This is a rare example of epileptic seizures of medial temporal onset presenting with isolated somato‐motor manifestations and ictal crying. Anatomical‐electrical‐clinical correlations with cortical regions controlling facial movements were highly suggestive that this case represents secondary activation of “emotional” motor cortex M3 and M4 (rostral and caudal cingulate motor cortex), giving rise to focal hemifacial movements and ictal crying.
temporal lobe epilepsy; crying; cingulate gyrus
Epilepsy is one of the most common neurological disorders, with a prevalence of 1% and lifetime incidence of 3%. There are numerous epilepsy syndromes, most of which are considered to be genetic epilepsies. Despite the discovery of more than 20 genes for epilepsy to date, much of the genetic contribution to epilepsy is not yet known. Copy number variants have been established as an important source of mutation in other complex brain disorders, including intellectual disability, autism and schizophrenia. Recent advances in technology now facilitate genome-wide searches for copy number variants and are beginning to be applied to epilepsy. Here, we discuss what is currently known about the contribution of copy number variants to epilepsy, and how that knowledge is redefining classification of clinical and genetic syndromes.
Epilepsy is a neurological disorder characterized by recurrent seizures which affects about 1% people worldwide. During the past decades, some mechanisms involved in ictogenesis (generation of seizures) have been identified and, to some extent, partially understood. However, regarding epileptogenesis (process by which a neuronal system becomes epileptic), underlying mechanisms remain elusive. This difficulty is mostly related to the fact that epileptogenesis can only be addressed using experimental models. In this study, we have analyzed the shape of a specific electrophysiological pattern, referred to as “epileptic spike”, encountered during the epileptogenesis process in an in vivo model of temporal lobe epilepsy (mouse, kainate). Results show that the features of these transient events (duration and amplitude) change as a function of time as the brain evolves towards the chronic epileptic state characterized by the appearance of spontaneous seizures. Using a detailed computational model of the hippocampus (CA1 sub-field), an interpretation of observed modifications is provided, in relationship with possible alterations that take place in underlying neuronal circuits.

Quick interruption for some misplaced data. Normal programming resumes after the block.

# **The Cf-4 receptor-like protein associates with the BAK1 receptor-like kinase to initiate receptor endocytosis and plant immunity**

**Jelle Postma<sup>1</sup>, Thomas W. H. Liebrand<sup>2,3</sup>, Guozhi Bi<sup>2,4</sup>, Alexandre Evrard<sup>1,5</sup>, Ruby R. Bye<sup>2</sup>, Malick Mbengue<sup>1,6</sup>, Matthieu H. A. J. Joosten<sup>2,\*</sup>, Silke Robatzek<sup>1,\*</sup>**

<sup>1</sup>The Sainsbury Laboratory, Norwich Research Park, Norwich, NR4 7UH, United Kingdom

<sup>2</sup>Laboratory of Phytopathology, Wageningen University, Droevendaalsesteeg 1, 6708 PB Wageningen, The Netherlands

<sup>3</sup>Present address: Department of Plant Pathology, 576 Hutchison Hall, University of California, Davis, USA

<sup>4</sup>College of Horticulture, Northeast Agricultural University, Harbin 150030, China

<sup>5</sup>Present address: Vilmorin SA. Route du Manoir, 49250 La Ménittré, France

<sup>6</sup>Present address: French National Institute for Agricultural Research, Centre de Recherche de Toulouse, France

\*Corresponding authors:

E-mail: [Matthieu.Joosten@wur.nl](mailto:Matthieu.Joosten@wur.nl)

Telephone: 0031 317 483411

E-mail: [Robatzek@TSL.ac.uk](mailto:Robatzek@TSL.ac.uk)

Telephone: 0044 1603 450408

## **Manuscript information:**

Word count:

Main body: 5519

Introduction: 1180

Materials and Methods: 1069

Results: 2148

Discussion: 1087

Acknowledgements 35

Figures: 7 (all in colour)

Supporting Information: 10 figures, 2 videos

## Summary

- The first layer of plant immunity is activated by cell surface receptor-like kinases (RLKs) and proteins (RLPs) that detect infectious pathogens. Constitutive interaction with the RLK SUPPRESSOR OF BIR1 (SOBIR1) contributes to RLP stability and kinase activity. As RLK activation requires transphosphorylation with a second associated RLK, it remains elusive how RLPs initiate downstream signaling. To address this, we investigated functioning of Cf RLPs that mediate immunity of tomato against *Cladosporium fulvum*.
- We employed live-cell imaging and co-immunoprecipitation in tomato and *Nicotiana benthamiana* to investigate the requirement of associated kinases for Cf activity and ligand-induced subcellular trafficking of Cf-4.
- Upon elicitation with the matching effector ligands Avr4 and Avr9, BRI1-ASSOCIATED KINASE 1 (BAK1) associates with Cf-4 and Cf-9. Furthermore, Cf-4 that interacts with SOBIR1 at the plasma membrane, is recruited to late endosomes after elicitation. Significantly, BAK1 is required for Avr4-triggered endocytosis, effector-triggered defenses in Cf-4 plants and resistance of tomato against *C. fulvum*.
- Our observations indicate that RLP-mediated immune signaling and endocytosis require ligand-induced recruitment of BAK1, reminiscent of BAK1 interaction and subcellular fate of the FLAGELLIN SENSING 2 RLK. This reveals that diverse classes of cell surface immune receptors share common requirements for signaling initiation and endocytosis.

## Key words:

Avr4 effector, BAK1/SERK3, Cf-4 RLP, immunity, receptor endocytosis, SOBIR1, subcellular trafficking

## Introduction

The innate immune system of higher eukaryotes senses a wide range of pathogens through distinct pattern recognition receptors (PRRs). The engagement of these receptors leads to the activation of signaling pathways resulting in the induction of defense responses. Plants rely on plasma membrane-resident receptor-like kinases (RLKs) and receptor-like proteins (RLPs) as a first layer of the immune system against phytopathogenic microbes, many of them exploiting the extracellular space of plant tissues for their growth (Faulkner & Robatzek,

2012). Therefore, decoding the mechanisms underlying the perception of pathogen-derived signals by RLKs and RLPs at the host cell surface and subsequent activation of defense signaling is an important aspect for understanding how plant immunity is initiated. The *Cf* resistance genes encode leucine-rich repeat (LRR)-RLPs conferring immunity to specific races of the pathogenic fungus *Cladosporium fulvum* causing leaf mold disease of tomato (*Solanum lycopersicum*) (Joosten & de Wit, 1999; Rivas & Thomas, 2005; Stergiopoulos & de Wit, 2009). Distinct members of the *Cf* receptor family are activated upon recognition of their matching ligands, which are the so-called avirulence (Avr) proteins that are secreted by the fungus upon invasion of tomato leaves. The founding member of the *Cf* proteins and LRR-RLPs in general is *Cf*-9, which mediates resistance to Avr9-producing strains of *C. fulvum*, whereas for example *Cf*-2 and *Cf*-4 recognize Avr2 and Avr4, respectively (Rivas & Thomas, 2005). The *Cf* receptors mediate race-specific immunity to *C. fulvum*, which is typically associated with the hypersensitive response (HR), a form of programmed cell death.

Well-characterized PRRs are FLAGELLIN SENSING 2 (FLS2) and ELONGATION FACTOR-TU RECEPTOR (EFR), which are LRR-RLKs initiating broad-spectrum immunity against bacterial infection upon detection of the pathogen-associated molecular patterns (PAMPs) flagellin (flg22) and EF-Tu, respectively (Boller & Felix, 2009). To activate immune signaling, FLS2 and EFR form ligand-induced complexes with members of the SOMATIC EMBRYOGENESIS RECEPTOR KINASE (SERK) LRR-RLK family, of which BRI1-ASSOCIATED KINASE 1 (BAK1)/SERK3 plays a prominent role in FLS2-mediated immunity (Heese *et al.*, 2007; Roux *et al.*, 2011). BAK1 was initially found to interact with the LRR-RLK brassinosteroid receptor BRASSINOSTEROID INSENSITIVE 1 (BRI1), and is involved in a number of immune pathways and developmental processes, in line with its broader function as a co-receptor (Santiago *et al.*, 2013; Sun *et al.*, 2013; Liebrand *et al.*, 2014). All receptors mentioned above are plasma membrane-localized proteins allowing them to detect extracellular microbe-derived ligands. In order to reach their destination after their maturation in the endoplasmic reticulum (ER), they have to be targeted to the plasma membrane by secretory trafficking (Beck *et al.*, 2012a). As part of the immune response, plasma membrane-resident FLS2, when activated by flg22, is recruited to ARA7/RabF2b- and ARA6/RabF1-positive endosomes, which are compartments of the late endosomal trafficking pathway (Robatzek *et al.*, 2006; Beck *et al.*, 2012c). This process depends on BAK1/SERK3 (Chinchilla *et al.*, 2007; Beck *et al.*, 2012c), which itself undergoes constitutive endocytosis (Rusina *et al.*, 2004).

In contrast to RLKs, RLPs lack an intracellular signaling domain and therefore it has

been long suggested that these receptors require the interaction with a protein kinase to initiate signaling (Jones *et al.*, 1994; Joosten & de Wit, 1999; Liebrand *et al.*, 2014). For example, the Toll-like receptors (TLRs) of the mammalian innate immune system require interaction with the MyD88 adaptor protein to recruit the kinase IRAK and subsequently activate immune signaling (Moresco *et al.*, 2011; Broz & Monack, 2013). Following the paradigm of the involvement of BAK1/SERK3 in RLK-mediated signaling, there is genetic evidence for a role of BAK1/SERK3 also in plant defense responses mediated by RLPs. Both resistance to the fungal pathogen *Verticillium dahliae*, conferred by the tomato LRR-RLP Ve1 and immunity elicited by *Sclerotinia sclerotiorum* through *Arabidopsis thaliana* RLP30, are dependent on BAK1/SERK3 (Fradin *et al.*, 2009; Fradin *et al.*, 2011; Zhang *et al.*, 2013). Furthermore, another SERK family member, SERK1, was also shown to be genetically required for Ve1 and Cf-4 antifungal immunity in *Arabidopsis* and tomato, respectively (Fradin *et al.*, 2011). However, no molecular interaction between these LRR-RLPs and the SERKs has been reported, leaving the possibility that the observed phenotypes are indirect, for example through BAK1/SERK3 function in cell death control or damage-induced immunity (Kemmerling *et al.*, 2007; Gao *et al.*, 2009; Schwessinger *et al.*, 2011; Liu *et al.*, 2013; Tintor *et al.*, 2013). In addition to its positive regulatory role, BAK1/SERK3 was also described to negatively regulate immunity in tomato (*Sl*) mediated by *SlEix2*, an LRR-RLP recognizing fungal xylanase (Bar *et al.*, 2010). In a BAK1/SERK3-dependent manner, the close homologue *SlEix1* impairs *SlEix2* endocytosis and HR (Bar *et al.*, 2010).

Many copy number variants (CNVs) are documented to be associated with neuropsychiatric disorders, including intellectual disability, autism, epilepsy, schizophrenia, and bipolar disorder. Chromosomal deletions of 1q21.1, 3q29, 15q13.3, 22q11.2, and NRXN1 and duplications of 15q11-q13 (maternal), 16p11, and 16p13.3 have the strongest association with schizophrenia. We hypothesized that cases with both schizophrenia and epilepsy would have a higher frequency of disease-associated CNVs and would represent an enriched sample for detection of other mutations associated with schizophrenia.
We used array comparative genomic hybridization (CGH) to analyze 235 individuals with both schizophrenia and epilepsy, 80 with bipolar disorder and epilepsy, and 191 controls.